Black Monday in Retrospect

October 19, 2017 marked the 30th anniversary of the infamous “Black Monday.” On Monday, October 19, 1987, the Dow Jones Industrial Index (Dow) plunged 508 points, or 22.6%, which was the biggest single day decline in percentage terms in the history of the market. To put it in perspective, that is the equivalent of an over 5,000 point decline in the Dow today!

With the Dow (and other indexes) at all-time highs, investors are concerned about a market correction, despite healthy economic growth and corporate earnings. After all, on average, market declines of 10%+ happen every 1-2 years. That said, could a repeat of “Black Monday” happen today?

Given modern trading technology and changes to the way stock exchanges operate, it’s unlikely we would ever experience another “Black Monday.” For one, following the 1987 crash, the Securities and Exchange Commission (SEC) mandated the creation of market-wide “circuit breakers.” These measures call for a temporary halt to trading after the Dow declines 10%, 20% and 30%. Since 1987, a circuit breaker was only triggered once – in 1997.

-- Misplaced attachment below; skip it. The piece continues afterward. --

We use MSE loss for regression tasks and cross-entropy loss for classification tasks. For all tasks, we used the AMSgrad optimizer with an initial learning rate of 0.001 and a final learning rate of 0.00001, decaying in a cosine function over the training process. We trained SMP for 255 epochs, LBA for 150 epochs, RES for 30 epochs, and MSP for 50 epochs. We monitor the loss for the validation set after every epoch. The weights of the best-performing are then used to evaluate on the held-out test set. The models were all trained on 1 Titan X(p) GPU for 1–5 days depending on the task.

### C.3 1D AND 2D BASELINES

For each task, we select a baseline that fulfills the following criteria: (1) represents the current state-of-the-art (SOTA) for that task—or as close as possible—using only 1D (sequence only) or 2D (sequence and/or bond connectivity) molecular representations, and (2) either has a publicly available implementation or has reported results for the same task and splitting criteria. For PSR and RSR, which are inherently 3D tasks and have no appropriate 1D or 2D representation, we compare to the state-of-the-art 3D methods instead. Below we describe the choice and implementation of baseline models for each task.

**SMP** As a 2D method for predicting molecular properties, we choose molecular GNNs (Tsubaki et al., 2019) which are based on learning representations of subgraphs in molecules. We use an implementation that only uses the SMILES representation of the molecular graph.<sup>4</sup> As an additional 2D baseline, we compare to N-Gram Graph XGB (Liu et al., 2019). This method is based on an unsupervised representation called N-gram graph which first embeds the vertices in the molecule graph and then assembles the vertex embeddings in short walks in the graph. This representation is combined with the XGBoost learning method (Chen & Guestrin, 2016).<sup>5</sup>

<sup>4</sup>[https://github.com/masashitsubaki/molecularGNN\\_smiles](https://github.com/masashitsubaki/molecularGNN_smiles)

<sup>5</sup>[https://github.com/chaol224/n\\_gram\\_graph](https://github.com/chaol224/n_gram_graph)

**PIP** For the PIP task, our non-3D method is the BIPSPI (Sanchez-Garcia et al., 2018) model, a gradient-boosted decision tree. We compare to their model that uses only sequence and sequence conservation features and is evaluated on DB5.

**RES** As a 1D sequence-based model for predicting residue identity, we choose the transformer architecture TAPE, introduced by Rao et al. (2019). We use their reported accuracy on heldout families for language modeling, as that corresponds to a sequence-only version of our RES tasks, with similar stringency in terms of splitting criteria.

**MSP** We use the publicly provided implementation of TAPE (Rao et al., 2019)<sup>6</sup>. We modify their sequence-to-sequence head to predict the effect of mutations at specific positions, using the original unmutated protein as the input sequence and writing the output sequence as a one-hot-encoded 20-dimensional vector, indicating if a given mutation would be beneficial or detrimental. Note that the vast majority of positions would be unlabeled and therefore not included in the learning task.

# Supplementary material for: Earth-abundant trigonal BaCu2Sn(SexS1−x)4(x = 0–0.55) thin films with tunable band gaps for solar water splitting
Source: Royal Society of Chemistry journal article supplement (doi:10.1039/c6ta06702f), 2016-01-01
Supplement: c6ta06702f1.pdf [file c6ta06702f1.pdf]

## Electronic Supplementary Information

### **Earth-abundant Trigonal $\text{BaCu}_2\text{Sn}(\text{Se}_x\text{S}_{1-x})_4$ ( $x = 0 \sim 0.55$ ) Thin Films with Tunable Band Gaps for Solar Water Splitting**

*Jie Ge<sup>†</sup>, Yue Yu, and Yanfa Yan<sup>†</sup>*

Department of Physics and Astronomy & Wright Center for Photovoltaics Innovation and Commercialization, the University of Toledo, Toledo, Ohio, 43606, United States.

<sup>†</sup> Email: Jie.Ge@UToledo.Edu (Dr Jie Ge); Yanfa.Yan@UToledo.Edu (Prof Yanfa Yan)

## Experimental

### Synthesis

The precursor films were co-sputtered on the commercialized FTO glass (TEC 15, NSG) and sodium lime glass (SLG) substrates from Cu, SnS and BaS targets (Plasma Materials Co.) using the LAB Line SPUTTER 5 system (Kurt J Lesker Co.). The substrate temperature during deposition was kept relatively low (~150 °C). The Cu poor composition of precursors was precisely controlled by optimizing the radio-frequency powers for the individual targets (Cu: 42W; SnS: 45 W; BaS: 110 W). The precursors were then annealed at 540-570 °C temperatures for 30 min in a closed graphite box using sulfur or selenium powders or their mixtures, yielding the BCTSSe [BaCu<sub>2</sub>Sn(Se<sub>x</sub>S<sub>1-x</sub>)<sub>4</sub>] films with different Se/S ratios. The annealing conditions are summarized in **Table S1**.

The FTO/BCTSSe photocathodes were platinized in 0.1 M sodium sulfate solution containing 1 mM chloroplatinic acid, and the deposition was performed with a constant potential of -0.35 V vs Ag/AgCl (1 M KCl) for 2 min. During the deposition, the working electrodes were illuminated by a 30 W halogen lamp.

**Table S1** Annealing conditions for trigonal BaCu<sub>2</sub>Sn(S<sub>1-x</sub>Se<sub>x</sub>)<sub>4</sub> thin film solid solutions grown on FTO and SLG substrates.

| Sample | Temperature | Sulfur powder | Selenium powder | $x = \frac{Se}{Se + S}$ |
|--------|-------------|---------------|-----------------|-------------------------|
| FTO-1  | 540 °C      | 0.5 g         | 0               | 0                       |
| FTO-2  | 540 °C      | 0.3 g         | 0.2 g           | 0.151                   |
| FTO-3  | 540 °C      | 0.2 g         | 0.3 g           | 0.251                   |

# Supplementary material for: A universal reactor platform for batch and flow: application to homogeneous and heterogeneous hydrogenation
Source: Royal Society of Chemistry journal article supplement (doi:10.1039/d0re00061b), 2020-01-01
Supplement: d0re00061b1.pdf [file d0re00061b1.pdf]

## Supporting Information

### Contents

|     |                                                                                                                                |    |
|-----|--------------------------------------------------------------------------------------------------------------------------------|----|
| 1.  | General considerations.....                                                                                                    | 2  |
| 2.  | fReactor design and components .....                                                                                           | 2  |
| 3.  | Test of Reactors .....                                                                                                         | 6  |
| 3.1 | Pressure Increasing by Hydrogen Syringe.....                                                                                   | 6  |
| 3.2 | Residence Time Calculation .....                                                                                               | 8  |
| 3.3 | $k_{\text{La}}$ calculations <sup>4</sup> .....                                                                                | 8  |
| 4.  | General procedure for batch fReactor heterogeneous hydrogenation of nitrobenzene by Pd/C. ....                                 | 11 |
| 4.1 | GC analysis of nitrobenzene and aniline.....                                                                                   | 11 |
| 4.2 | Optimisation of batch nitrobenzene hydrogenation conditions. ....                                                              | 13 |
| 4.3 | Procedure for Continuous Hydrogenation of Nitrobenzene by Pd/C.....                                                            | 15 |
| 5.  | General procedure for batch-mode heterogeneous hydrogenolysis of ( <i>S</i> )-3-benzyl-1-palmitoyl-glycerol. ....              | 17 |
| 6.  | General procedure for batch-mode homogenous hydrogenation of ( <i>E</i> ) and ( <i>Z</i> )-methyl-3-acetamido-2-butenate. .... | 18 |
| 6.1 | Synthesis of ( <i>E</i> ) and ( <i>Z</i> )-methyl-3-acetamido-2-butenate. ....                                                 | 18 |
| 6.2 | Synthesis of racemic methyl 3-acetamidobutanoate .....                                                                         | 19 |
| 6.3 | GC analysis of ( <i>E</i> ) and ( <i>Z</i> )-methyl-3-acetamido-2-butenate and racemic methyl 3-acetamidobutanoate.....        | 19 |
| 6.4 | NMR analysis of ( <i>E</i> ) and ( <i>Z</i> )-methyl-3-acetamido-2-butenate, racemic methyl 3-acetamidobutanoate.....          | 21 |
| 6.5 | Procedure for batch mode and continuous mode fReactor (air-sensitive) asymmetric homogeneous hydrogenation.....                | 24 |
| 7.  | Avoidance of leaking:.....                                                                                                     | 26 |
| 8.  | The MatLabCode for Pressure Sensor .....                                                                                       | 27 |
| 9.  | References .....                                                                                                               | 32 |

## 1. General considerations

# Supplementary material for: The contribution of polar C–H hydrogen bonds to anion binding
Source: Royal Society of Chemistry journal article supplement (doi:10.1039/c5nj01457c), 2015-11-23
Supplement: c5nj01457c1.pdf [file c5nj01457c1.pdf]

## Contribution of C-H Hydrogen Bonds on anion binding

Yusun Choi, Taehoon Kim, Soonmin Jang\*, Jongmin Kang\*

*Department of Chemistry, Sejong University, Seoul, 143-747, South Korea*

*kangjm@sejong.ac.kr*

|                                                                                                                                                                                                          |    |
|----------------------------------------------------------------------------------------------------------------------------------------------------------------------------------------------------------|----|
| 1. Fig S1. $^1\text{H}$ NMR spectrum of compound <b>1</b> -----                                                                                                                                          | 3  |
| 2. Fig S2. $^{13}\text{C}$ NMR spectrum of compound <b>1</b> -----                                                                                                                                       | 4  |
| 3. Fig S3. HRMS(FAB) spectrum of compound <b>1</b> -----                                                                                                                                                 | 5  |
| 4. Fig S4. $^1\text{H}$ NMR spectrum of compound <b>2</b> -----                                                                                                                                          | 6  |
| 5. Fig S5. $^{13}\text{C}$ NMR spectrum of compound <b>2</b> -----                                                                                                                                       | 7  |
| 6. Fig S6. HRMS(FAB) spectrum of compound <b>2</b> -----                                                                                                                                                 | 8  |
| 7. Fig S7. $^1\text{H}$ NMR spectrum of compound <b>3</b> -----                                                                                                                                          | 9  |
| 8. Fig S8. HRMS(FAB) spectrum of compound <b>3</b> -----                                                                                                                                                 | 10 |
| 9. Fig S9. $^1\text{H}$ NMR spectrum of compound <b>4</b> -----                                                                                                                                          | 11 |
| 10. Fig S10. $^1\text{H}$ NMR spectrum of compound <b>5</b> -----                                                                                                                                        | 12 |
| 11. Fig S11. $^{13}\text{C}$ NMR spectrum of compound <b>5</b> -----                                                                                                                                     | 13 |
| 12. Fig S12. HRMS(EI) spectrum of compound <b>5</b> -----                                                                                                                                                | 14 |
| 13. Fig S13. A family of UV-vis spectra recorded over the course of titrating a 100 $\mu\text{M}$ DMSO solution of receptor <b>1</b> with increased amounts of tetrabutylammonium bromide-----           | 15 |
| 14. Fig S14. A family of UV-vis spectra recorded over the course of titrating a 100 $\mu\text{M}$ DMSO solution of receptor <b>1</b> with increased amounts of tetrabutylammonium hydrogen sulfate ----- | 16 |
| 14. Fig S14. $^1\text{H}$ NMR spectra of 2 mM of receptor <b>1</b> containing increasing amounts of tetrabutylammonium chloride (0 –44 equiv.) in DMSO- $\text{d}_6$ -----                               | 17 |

In 2012, the SEC lowered the thresholds needed to trigger a trading stoppage. Also, at that time, the S&P 500 replaced the Dow as the benchmark index. Under the updated rules, trading will be halted for fifteen minutes at intra-day drops of 7% and 13%. At a drop of 20%, trading is stopped completely. These rules were further tweaked after a very tumultuous trading day in August 2015.

What is often lost in remembering that fateful day in October 1987 is that despite the precipitous drop in the Dow, markets didn’t disintegrate. They pulled themselves together and rebounded. In fact, not only did the Dow finish in positive territory that year, but in the five years following the crash, stock returns averaged 15% per year.

What can we learn from revisiting “Black Monday” thirty years later? For one, market declines happen – sometimes for good reasons and sometimes not. Second, when the market does pull back, it’s important to remain objective and disciplined rather than act based on emotion. Finally, as Warren Buffet says, “when others are fearful, be greedy.” Every market drop, small or big, presents an opportunity to invest more at lower prices, rebalance your portfolio, or both.